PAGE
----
As India and China fight, Nepal should stand neutral

Published On: June 19, 2020 06:00 PM NPT By: Bipin Ghimire

Bipin Ghimire

Bipin Ghimire

The author is a Research Scholar at Department of International Relations, South Asian University, New Delhi

Nepal has geopolitical relations and geo-economic interest to expand its economic ties with India and China. Nepal historically has remained a neutral country and has to stay neutral this time too.

Two nuclear-armed countries with second and third highest military spending encountering an eyeball to eyeball faceoff at the disputed border at Galwan Valley in Aksai Chin Ladakh area of the western Himalayas is not only shocking but concerning to the world. It is reported that the Indian side suffered twenty casualties and many injuries, whereas the details of the harm to the Chinese side is not yet published. However, the violent non-firearm border clash is not limited to counting the casualties. The broader geopolitical implication of this is much more concerning and scary to the region.

The politico-structural compulsion of both China and India are the main reasons for them not to back up from their military and political stand.

China, as a revisionist power and centrally controlled socialist system, aims to come out of the legacy of ‘century of humiliation,’ which has led it to be assertive and tighten its control over Hong Kong, South China Sea and its relations with its neighbors. During the time when the United States and its allies were extending its economic and political pressure on China, this move of China can be understood as one of the many tactics that it has implemented to give a message to the world that it is no more a weak developing country but an economically and militarily robust regional power.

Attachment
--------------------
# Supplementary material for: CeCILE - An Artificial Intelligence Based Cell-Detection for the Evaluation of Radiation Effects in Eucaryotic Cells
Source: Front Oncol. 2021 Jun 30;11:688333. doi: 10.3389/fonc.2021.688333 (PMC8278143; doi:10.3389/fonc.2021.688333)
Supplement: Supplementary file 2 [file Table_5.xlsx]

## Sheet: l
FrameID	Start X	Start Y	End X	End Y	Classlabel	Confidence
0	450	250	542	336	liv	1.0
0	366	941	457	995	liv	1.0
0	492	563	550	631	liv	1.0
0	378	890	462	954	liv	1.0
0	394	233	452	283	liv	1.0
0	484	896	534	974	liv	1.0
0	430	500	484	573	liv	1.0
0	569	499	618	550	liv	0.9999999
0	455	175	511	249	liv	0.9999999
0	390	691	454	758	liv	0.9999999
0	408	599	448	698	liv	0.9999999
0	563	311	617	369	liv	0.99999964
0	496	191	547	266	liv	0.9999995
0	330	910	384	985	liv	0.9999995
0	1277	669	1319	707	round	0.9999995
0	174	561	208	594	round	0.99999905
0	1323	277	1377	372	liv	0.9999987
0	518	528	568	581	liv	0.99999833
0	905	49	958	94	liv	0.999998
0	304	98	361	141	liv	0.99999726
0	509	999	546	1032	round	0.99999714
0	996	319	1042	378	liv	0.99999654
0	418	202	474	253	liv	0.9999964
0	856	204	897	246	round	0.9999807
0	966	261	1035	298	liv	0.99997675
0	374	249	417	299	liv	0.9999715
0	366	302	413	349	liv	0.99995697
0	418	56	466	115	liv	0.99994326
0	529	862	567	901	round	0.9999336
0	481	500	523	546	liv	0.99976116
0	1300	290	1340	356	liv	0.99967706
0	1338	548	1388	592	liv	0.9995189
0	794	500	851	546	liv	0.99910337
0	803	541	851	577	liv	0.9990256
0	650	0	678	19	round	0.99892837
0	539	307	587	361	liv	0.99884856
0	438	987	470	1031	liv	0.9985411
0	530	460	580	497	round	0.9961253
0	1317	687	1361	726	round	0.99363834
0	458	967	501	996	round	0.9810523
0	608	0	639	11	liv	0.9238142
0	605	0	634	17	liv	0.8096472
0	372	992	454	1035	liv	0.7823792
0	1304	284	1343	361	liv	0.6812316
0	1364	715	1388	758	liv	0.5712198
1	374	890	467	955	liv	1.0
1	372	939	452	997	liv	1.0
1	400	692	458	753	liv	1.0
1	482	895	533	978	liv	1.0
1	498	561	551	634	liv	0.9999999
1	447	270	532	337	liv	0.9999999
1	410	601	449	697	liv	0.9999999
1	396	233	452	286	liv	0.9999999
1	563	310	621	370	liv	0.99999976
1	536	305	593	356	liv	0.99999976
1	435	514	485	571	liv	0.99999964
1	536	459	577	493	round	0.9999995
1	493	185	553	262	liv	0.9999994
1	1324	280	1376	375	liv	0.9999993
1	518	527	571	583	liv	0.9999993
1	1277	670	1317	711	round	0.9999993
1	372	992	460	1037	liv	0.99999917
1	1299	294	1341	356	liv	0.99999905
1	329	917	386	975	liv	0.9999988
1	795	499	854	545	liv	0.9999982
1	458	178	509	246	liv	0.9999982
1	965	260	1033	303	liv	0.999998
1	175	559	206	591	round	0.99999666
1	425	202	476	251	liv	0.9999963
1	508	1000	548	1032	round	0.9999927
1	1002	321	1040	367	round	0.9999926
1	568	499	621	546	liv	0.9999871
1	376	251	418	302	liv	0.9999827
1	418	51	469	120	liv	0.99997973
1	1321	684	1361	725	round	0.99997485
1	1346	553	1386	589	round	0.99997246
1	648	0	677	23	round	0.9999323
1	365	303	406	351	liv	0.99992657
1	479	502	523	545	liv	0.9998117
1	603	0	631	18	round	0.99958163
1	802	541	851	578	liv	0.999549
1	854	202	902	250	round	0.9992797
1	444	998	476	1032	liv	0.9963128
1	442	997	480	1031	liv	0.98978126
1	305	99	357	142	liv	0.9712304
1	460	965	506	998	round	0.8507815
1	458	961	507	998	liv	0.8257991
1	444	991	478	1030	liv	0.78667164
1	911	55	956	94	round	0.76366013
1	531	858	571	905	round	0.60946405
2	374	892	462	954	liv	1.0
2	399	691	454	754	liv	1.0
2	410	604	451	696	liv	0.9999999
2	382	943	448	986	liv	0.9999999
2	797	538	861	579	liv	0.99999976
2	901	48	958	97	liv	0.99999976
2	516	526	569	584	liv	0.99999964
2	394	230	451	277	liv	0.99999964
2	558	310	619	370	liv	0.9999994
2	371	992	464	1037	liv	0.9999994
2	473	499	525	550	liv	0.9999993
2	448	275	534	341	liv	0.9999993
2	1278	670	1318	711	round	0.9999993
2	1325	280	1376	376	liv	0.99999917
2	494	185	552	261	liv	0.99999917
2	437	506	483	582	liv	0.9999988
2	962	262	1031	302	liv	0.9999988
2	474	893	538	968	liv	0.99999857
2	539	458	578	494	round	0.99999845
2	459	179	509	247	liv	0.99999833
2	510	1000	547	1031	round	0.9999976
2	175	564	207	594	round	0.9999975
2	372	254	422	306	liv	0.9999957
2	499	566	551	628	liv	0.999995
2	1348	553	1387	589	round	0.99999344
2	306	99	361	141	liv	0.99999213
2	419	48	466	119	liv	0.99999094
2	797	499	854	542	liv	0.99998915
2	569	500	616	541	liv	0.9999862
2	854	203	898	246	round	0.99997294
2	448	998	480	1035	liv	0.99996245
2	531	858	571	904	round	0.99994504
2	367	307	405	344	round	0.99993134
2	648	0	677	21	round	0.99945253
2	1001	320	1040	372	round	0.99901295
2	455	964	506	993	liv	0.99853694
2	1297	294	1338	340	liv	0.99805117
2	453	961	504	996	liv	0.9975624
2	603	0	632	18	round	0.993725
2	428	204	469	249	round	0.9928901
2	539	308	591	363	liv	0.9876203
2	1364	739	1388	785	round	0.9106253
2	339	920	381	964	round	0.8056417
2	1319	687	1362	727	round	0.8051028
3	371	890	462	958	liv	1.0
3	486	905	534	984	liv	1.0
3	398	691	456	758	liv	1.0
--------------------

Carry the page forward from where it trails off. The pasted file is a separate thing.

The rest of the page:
India, on the other hand, with the leadership of PM Narendra Modi, a Hindu nationalist leader with a landslide victory in the past election, has been developing its political power in recent years by reinforcing the military capabilities. The geopolitical compulsion of India being exposed to the rival powers both in the western and northern front, some argue, obliged India to expand its military spending. Whatever may be the reason the largest democratic country, and its ruling Bharatiya Janata Party, does not want to be seen weak, which might affect its internal political dynamics but also its political assertion in the region. ‘Surgical strike’ in Pakistan, a standoff at Doklam, and border road construction from the ‘disputed’ Nepali territory and its progress on a defense agreement with Vietnam are some examples of India’s changed outlook.